University of Auckland professor of surgery John Windsor demystifies the pancreas, one of the largest and busiest glands in the body with a vital role in good health and nutrition.
What is it
The earliest description of the pancreas by anatomists was that it was ‘just a fatty cushion on which the stomach rested’. It is salmon pink and shaped like a tadpole, with a head, neck, body and tail. The head is nestled in the curve of the duodenum (a C-shaped portion of the small intestine) and it is draped over the backbone, as it rises obliquely to where the tail of the pancreas laps onto the spleen under the left lower ribs. Unlike most of the abdominal organs we are more familiar with, such as the stomach or liver, the pancreas sits in the body wall behind the abdominal cavity. This is why pancreatic pain is often felt in the back. It is also draped around very major arteries and veins.
It presents a number of challenges to surgeons because of its relationship to vital structures and being hard to access.
What does it do?
One of the fascinating things about the pancreas is that it is really two organs in one, and nobody has ever explained why this is so. One of the organs, called the exocrine pancreas, is a protein factory, producing more protein for its weight than any other organ in the body, except for the breast at the height of lactation. The proteins are enzymes that help to break down food into bits than can be absorbed. These enzymes are delivered into the duodenum, which is where bile is also delivered into the mixed-up food leaving the stomach. In order to avoid being digested itself, the pancreas is able to deliver these enzymes in an inactive form, which are activated where they are needed. The other organ, called the endocrine pancreas, comprises tight little clusters of cells scattered through the pancreas, not unlike currents in a bun, only smaller. These clusters are called islet cells, which are highly specialised and produce a range of hormones. The most important of these is insulin, which is released into the bloodstream to help control blood-glucose levels. Both enzymes and hormones are released in response to a meal, in a highly sophisticated and controlled manner.
What can go wrong with the pancreas?
There is a wide array of diseases of the pancreas that are relatively common.
Diabetes mellitus occurs when there is an inadequate supply of insulin from the pancreas. People develop high blood-sugar levels and risk long-term complications including kidney failure, leg ulcers and blindness. While some people can control their diabetes with diet and tablets, many require regular insulin injections to maintain normal blood-glucose levels.
Acute pancreatitis is one of the most common digestive system diseases. People develop severe pain across the upper abdomen and, usually, in the back too. Three quarters of the time this disease settles on its own, but in the remainder it can be very severe, requiring intensive care, sometimes major surgery, and it can be fatal. The problem starts with digestive enzymes, activated in the pancreas, causing inflammation and severe tissue damage. The two important causes of acute pancreatitis are gallstones and heavy alcohol consumption. Prevention is better than cure.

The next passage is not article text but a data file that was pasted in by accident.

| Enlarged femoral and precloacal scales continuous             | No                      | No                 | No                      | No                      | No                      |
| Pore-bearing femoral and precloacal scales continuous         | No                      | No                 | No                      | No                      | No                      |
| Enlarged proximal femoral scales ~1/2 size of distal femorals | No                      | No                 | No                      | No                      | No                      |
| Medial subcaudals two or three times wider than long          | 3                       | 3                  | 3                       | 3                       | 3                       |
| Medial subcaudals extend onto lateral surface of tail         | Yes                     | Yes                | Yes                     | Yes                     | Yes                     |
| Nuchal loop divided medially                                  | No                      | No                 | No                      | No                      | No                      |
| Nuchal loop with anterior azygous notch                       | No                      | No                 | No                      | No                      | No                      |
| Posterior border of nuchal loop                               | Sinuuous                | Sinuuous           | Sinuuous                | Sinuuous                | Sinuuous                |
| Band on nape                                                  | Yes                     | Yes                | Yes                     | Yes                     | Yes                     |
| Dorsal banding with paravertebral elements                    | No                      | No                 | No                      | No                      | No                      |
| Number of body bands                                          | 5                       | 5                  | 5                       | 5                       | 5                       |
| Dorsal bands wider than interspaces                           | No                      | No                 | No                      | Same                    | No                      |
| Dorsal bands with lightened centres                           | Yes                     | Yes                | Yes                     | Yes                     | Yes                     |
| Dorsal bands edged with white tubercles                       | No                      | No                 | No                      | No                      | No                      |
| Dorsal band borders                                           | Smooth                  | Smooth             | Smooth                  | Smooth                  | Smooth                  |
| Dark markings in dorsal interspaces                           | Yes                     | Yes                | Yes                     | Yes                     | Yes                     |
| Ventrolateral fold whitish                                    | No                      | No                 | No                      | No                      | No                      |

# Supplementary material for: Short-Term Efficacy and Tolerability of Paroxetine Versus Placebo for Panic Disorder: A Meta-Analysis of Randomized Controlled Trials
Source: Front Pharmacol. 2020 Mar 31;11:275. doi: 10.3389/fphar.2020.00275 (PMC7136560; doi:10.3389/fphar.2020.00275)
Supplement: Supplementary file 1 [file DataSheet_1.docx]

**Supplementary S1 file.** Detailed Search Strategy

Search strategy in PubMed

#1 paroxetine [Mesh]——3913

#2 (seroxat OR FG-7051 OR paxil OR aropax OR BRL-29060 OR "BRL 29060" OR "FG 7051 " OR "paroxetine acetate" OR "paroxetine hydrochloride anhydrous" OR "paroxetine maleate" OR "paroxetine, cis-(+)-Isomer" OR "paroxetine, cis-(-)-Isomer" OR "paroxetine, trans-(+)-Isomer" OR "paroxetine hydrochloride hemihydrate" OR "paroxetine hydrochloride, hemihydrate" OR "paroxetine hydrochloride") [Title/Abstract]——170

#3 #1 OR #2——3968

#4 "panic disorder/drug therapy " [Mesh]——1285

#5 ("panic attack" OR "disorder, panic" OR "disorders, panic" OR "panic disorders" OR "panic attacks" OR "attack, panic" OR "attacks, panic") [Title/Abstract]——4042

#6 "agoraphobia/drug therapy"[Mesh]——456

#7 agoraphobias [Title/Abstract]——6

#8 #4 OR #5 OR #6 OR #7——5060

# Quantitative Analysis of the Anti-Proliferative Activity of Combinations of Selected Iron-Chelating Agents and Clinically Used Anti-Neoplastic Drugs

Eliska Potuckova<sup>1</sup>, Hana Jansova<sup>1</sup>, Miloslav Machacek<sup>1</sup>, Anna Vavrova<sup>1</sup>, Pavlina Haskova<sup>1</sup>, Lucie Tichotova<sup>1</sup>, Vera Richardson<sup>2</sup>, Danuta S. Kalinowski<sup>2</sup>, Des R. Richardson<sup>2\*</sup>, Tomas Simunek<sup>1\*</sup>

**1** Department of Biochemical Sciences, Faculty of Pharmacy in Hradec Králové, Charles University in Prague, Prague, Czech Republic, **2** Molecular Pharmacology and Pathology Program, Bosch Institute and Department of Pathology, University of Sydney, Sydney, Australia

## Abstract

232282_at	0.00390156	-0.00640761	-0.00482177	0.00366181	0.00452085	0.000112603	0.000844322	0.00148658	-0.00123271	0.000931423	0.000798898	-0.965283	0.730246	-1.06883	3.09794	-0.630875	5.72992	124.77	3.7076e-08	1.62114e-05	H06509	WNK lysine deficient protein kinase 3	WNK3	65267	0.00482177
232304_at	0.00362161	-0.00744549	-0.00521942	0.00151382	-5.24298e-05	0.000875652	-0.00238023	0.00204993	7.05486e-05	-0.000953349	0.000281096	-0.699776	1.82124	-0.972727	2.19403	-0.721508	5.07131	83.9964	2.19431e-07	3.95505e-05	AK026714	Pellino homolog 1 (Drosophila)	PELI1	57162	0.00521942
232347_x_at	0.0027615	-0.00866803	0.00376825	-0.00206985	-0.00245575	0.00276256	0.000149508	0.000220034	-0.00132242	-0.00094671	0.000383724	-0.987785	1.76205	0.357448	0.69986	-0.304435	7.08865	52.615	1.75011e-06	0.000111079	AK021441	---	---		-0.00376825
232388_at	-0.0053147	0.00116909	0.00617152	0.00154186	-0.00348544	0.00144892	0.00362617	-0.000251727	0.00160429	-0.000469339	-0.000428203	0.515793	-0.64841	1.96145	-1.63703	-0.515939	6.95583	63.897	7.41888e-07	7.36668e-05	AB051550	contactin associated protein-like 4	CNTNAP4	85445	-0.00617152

Chronic pancreatitis is also on the rise and causes progressive scarring and loss of pancreas function. People end up needing enzyme replacement capsules and insulin. They can suffer severe and debilitating pain, which is sometimes very difficult to treat. It is caused not only by excess alcohol, in susceptible people, but also by smoking and, in rare cases, genetic mutations. The consequences of chronic pancreatitis can be devastating, with nutritional, psychosocial and employment issues and a reduced life expectancy.
Pancreatic cancer There are many types of pancreatic cancer, but the most common one starts in the duct and is the fourth leading cause of death from all cancers. It is likely to be the second most common cancer in a decade or so. It has the reputation of being one of the most challenging cancers, partly because it has often spread by the time it comes to our attention.
A minority of people can be offered potentially curable and very major surgery, and all patients are offered some form of chemotherapy.
There are many other important diseases of the pancreas, including autoimmune pancreatitis, pancreatic neuroendocrine tumours and pancreatic cysts of many varieties. These all present their own challenges in both diagnosis and treatment.
What can we do?
Being aware of the importance of the pancreas is a great start, and much more could be done with education about pancreatic diseases. It has been shown that vegetables and fruit consumption are associated with a reduced risk for pancreatic diseases.
The cessation of tobacco use, reducing heavy alcohol consumption and overcoming obesity are also important preventive strategies for pancreatic diseases.
The good news is that progress is being made to improve the outcomes of people with all of these diseases, and there are active programmes undertaking really valuable research.
Pancreatic diseases are often complex to diagnose and treat and it is important that people obtain the best available advice.